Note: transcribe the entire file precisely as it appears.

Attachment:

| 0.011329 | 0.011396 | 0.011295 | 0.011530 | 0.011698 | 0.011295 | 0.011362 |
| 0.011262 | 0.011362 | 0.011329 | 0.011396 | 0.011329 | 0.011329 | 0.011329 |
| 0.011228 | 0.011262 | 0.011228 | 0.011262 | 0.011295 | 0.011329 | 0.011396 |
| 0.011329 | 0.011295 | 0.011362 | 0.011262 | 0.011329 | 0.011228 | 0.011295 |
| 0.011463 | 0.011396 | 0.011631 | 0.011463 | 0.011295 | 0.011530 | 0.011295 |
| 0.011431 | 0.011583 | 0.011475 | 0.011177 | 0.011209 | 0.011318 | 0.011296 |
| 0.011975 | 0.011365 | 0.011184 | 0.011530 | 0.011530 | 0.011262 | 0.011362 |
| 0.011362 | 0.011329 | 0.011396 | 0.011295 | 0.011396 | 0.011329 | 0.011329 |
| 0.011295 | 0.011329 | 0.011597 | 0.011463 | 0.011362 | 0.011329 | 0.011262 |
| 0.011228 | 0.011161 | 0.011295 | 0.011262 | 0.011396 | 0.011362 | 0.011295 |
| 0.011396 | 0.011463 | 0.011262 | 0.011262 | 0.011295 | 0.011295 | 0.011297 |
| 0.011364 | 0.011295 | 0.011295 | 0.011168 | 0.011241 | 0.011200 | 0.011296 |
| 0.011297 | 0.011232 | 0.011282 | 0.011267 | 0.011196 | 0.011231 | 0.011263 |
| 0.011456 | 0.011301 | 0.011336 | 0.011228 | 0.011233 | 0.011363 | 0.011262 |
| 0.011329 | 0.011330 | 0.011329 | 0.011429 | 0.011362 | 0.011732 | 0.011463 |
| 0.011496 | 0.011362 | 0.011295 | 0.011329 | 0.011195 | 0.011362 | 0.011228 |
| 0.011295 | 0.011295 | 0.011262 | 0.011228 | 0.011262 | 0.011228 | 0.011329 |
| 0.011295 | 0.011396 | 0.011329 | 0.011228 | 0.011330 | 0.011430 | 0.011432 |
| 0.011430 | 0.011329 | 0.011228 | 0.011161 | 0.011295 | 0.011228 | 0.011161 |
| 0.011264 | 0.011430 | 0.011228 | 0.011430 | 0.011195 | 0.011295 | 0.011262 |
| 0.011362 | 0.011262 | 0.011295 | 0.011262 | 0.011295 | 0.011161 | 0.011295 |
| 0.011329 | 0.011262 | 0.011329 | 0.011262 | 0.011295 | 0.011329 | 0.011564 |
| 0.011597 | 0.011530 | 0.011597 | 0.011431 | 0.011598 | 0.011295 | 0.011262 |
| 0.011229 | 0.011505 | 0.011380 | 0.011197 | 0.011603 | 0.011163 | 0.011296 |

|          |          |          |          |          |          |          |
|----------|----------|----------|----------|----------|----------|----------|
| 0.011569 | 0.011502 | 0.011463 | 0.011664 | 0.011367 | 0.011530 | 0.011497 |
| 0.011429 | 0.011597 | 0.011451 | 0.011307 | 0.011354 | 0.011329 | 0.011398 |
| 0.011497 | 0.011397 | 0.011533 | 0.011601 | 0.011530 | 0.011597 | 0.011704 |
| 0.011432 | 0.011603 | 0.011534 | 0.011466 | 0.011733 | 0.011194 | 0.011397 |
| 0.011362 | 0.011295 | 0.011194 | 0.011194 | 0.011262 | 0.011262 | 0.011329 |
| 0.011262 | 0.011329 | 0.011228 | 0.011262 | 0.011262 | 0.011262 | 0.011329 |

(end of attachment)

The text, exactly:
| 0.011329 | 0.011396 | 0.011295 | 0.011530 | 0.011698 | 0.011295 | 0.011362 |
| 0.011262 | 0.011362 | 0.011329 | 0.011396 | 0.011329 | 0.011329 | 0.011329 |
| 0.011228 | 0.011262 | 0.011228 | 0.011262 | 0.011295 | 0.011329 | 0.011396 |
| 0.011329 | 0.011295 | 0.011362 | 0.011262 | 0.011329 | 0.011228 | 0.011295 |
| 0.011463 | 0.011396 | 0.011631 | 0.011463 | 0.011295 | 0.011530 | 0.011295 |
| 0.011431 | 0.011583 | 0.011475 | 0.011177 | 0.011209 | 0.011318 | 0.011296 |
| 0.011975 | 0.011365 | 0.011184 | 0.011530 | 0.011530 | 0.011262 | 0.011362 |
| 0.011362 | 0.011329 | 0.011396 | 0.011295 | 0.011396 | 0.011329 | 0.011329 |
| 0.011295 | 0.011329 | 0.011597 | 0.011463 | 0.011362 | 0.011329 | 0.011262 |
| 0.011228 | 0.011161 | 0.011295 | 0.011262 | 0.011396 | 0.011362 | 0.011295 |
| 0.011396 | 0.011463 | 0.011262 | 0.011262 | 0.011295 | 0.011295 | 0.011297 |
| 0.011364 | 0.011295 | 0.011295 | 0.011168 | 0.011241 | 0.011200 | 0.011296 |
| 0.011297 | 0.011232 | 0.011282 | 0.011267 | 0.011196 | 0.011231 | 0.011263 |
| 0.011456 | 0.011301 | 0.011336 | 0.011228 | 0.011233 | 0.011363 | 0.011262 |
| 0.011329 | 0.011330 | 0.011329 | 0.011429 | 0.011362 | 0.011732 | 0.011463 |
| 0.011496 | 0.011362 | 0.011295 | 0.011329 | 0.011195 | 0.011362 | 0.011228 |
| 0.011295 | 0.011295 | 0.011262 | 0.011228 | 0.011262 | 0.011228 | 0.011329 |
| 0.011295 | 0.011396 | 0.011329 | 0.011228 | 0.011330 | 0.011430 | 0.011432 |
| 0.011430 | 0.011329 | 0.011228 | 0.011161 | 0.011295 | 0.011228 | 0.011161 |
| 0.011264 | 0.011430 | 0.011228 | 0.011430 | 0.011195 | 0.011295 | 0.011262 |
| 0.011362 | 0.011262 | 0.011295 | 0.011262 | 0.011295 | 0.011161 | 0.011295 |
| 0.011329 | 0.011262 | 0.011329 | 0.011262 | 0.011295 | 0.011329 | 0.011564 |
| 0.011597 | 0.011530 | 0.011597 | 0.011431 | 0.011598 | 0.011295 | 0.011262 |
| 0.011229 | 0.011505 | 0.011380 | 0.011197 | 0.011603 | 0.011163 | 0.011296 |

|          |          |          |          |          |          |          |
|----------|----------|----------|----------|----------|----------|----------|
| 0.011569 | 0.011502 | 0.011463 | 0.011664 | 0.011367 | 0.011530 | 0.011497 |
| 0.011429 | 0.011597 | 0.011451 | 0.011307 | 0.011354 | 0.011329 | 0.011398 |
| 0.011497 | 0.011397 | 0.011533 | 0.011601 | 0.011530 | 0.011597 | 0.011704 |
| 0.011432 | 0.011603 | 0.011534 | 0.011466 | 0.011733 | 0.011194 | 0.011397 |
| 0.011362 | 0.011295 | 0.011194 | 0.011194 | 0.011262 | 0.011262 | 0.011329 |
| 0.011262 | 0.011329 | 0.011228 | 0.011262 | 0.011262 | 0.011262 | 0.011329 |